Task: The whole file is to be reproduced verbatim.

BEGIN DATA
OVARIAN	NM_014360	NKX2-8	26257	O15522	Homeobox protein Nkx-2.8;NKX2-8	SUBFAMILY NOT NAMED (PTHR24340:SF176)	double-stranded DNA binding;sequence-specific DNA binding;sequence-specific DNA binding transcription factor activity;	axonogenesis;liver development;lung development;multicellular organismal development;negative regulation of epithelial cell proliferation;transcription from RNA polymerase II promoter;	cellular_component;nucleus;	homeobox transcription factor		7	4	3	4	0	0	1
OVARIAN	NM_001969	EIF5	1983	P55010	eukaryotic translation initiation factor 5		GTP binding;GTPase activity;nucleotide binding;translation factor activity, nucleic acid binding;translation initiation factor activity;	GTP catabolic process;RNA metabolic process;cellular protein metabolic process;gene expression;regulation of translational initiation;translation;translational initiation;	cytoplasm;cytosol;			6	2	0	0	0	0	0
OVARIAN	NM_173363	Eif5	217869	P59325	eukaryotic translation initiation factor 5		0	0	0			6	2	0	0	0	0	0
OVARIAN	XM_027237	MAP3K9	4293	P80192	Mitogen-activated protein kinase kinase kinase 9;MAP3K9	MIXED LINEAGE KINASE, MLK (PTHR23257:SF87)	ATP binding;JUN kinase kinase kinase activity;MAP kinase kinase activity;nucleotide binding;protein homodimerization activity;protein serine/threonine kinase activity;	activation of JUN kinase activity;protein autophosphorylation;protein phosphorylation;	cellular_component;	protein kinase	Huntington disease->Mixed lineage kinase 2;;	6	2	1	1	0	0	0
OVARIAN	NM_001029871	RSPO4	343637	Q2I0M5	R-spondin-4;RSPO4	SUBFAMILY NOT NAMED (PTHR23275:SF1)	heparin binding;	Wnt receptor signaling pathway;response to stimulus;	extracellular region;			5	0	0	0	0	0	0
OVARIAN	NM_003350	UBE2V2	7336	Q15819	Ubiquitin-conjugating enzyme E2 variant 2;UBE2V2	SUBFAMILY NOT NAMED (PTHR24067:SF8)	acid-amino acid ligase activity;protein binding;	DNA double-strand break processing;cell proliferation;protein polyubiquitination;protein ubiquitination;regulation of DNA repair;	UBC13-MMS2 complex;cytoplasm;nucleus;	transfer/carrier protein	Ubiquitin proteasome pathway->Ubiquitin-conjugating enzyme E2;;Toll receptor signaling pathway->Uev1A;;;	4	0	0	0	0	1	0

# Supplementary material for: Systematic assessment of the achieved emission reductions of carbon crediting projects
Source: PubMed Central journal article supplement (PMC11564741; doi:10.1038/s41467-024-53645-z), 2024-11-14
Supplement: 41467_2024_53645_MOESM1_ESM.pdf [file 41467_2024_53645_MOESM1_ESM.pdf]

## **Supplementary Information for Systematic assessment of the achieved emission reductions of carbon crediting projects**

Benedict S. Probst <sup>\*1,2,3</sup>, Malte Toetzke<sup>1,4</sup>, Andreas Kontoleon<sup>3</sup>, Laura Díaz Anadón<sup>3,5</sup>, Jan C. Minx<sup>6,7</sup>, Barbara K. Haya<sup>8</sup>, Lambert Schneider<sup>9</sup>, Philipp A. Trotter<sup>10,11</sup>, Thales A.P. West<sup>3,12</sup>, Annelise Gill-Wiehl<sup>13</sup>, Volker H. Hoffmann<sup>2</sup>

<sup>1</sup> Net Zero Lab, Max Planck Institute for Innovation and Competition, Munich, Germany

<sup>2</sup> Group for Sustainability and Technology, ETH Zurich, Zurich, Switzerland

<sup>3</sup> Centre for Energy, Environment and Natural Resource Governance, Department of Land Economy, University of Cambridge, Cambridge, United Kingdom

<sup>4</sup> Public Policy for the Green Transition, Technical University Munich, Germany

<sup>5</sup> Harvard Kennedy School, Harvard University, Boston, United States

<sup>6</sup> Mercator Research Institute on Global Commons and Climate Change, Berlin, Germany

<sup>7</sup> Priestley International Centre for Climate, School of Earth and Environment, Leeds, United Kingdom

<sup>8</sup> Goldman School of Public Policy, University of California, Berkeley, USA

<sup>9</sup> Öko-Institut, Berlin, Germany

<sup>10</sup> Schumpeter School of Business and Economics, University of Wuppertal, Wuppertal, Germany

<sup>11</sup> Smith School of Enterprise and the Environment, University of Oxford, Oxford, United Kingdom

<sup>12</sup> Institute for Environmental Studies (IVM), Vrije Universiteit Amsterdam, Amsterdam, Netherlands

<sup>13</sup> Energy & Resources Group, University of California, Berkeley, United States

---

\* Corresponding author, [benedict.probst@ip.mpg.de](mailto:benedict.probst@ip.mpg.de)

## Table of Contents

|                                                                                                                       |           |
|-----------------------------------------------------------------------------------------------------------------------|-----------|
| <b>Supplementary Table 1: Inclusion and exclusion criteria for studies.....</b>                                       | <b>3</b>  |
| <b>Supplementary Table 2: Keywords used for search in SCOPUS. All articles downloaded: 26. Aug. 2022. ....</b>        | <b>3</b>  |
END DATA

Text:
OVARIAN	NM_014360	NKX2-8	26257	O15522	Homeobox protein Nkx-2.8;NKX2-8	SUBFAMILY NOT NAMED (PTHR24340:SF176)	double-stranded DNA binding;sequence-specific DNA binding;sequence-specific DNA binding transcription factor activity;	axonogenesis;liver development;lung development;multicellular organismal development;negative regulation of epithelial cell proliferation;transcription from RNA polymerase II promoter;	cellular_component;nucleus;	homeobox transcription factor		7	4	3	4	0	0	1
OVARIAN	NM_001969	EIF5	1983	P55010	eukaryotic translation initiation factor 5		GTP binding;GTPase activity;nucleotide binding;translation factor activity, nucleic acid binding;translation initiation factor activity;	GTP catabolic process;RNA metabolic process;cellular protein metabolic process;gene expression;regulation of translational initiation;translation;translational initiation;	cytoplasm;cytosol;			6	2	0	0	0	0	0
OVARIAN	NM_173363	Eif5	217869	P59325	eukaryotic translation initiation factor 5		0	0	0			6	2	0	0	0	0	0
OVARIAN	XM_027237	MAP3K9	4293	P80192	Mitogen-activated protein kinase kinase kinase 9;MAP3K9	MIXED LINEAGE KINASE, MLK (PTHR23257:SF87)	ATP binding;JUN kinase kinase kinase activity;MAP kinase kinase activity;nucleotide binding;protein homodimerization activity;protein serine/threonine kinase activity;	activation of JUN kinase activity;protein autophosphorylation;protein phosphorylation;	cellular_component;	protein kinase	Huntington disease->Mixed lineage kinase 2;;	6	2	1	1	0	0	0
OVARIAN	NM_001029871	RSPO4	343637	Q2I0M5	R-spondin-4;RSPO4	SUBFAMILY NOT NAMED (PTHR23275:SF1)	heparin binding;	Wnt receptor signaling pathway;response to stimulus;	extracellular region;			5	0	0	0	0	0	0
OVARIAN	NM_003350	UBE2V2	7336	Q15819	Ubiquitin-conjugating enzyme E2 variant 2;UBE2V2	SUBFAMILY NOT NAMED (PTHR24067:SF8)	acid-amino acid ligase activity;protein binding;	DNA double-strand break processing;cell proliferation;protein polyubiquitination;protein ubiquitination;regulation of DNA repair;	UBC13-MMS2 complex;cytoplasm;nucleus;	transfer/carrier protein	Ubiquitin proteasome pathway->Ubiquitin-conjugating enzyme E2;;Toll receptor signaling pathway->Uev1A;;;	4	0	0	0	0	1	0

# Supplementary material for: Systematic assessment of the achieved emission reductions of carbon crediting projects
Source: PubMed Central journal article supplement (PMC11564741; doi:10.1038/s41467-024-53645-z), 2024-11-14
Supplement: 41467_2024_53645_MOESM1_ESM.pdf [file 41467_2024_53645_MOESM1_ESM.pdf]

## **Supplementary Information for Systematic assessment of the achieved emission reductions of carbon crediting projects**

Benedict S. Probst <sup>\*1,2,3</sup>, Malte Toetzke<sup>1,4</sup>, Andreas Kontoleon<sup>3</sup>, Laura Díaz Anadón<sup>3,5</sup>, Jan C. Minx<sup>6,7</sup>, Barbara K. Haya<sup>8</sup>, Lambert Schneider<sup>9</sup>, Philipp A. Trotter<sup>10,11</sup>, Thales A.P. West<sup>3,12</sup>, Annelise Gill-Wiehl<sup>13</sup>, Volker H. Hoffmann<sup>2</sup>

<sup>1</sup> Net Zero Lab, Max Planck Institute for Innovation and Competition, Munich, Germany

<sup>2</sup> Group for Sustainability and Technology, ETH Zurich, Zurich, Switzerland

<sup>3</sup> Centre for Energy, Environment and Natural Resource Governance, Department of Land Economy, University of Cambridge, Cambridge, United Kingdom

<sup>4</sup> Public Policy for the Green Transition, Technical University Munich, Germany

<sup>5</sup> Harvard Kennedy School, Harvard University, Boston, United States

<sup>6</sup> Mercator Research Institute on Global Commons and Climate Change, Berlin, Germany

<sup>7</sup> Priestley International Centre for Climate, School of Earth and Environment, Leeds, United Kingdom

<sup>8</sup> Goldman School of Public Policy, University of California, Berkeley, USA

<sup>9</sup> Öko-Institut, Berlin, Germany

<sup>10</sup> Schumpeter School of Business and Economics, University of Wuppertal, Wuppertal, Germany

<sup>11</sup> Smith School of Enterprise and the Environment, University of Oxford, Oxford, United Kingdom

<sup>12</sup> Institute for Environmental Studies (IVM), Vrije Universiteit Amsterdam, Amsterdam, Netherlands

<sup>13</sup> Energy & Resources Group, University of California, Berkeley, United States

---

\* Corresponding author, [benedict.probst@ip.mpg.de](mailto:benedict.probst@ip.mpg.de)

## Table of Contents

|                                                                                                                       |           |
|-----------------------------------------------------------------------------------------------------------------------|-----------|
| <b>Supplementary Table 1: Inclusion and exclusion criteria for studies.....</b>                                       | <b>3</b>  |
| <b>Supplementary Table 2: Keywords used for search in SCOPUS. All articles downloaded: 26. Aug. 2022. ....</b>        | <b>3</b>  |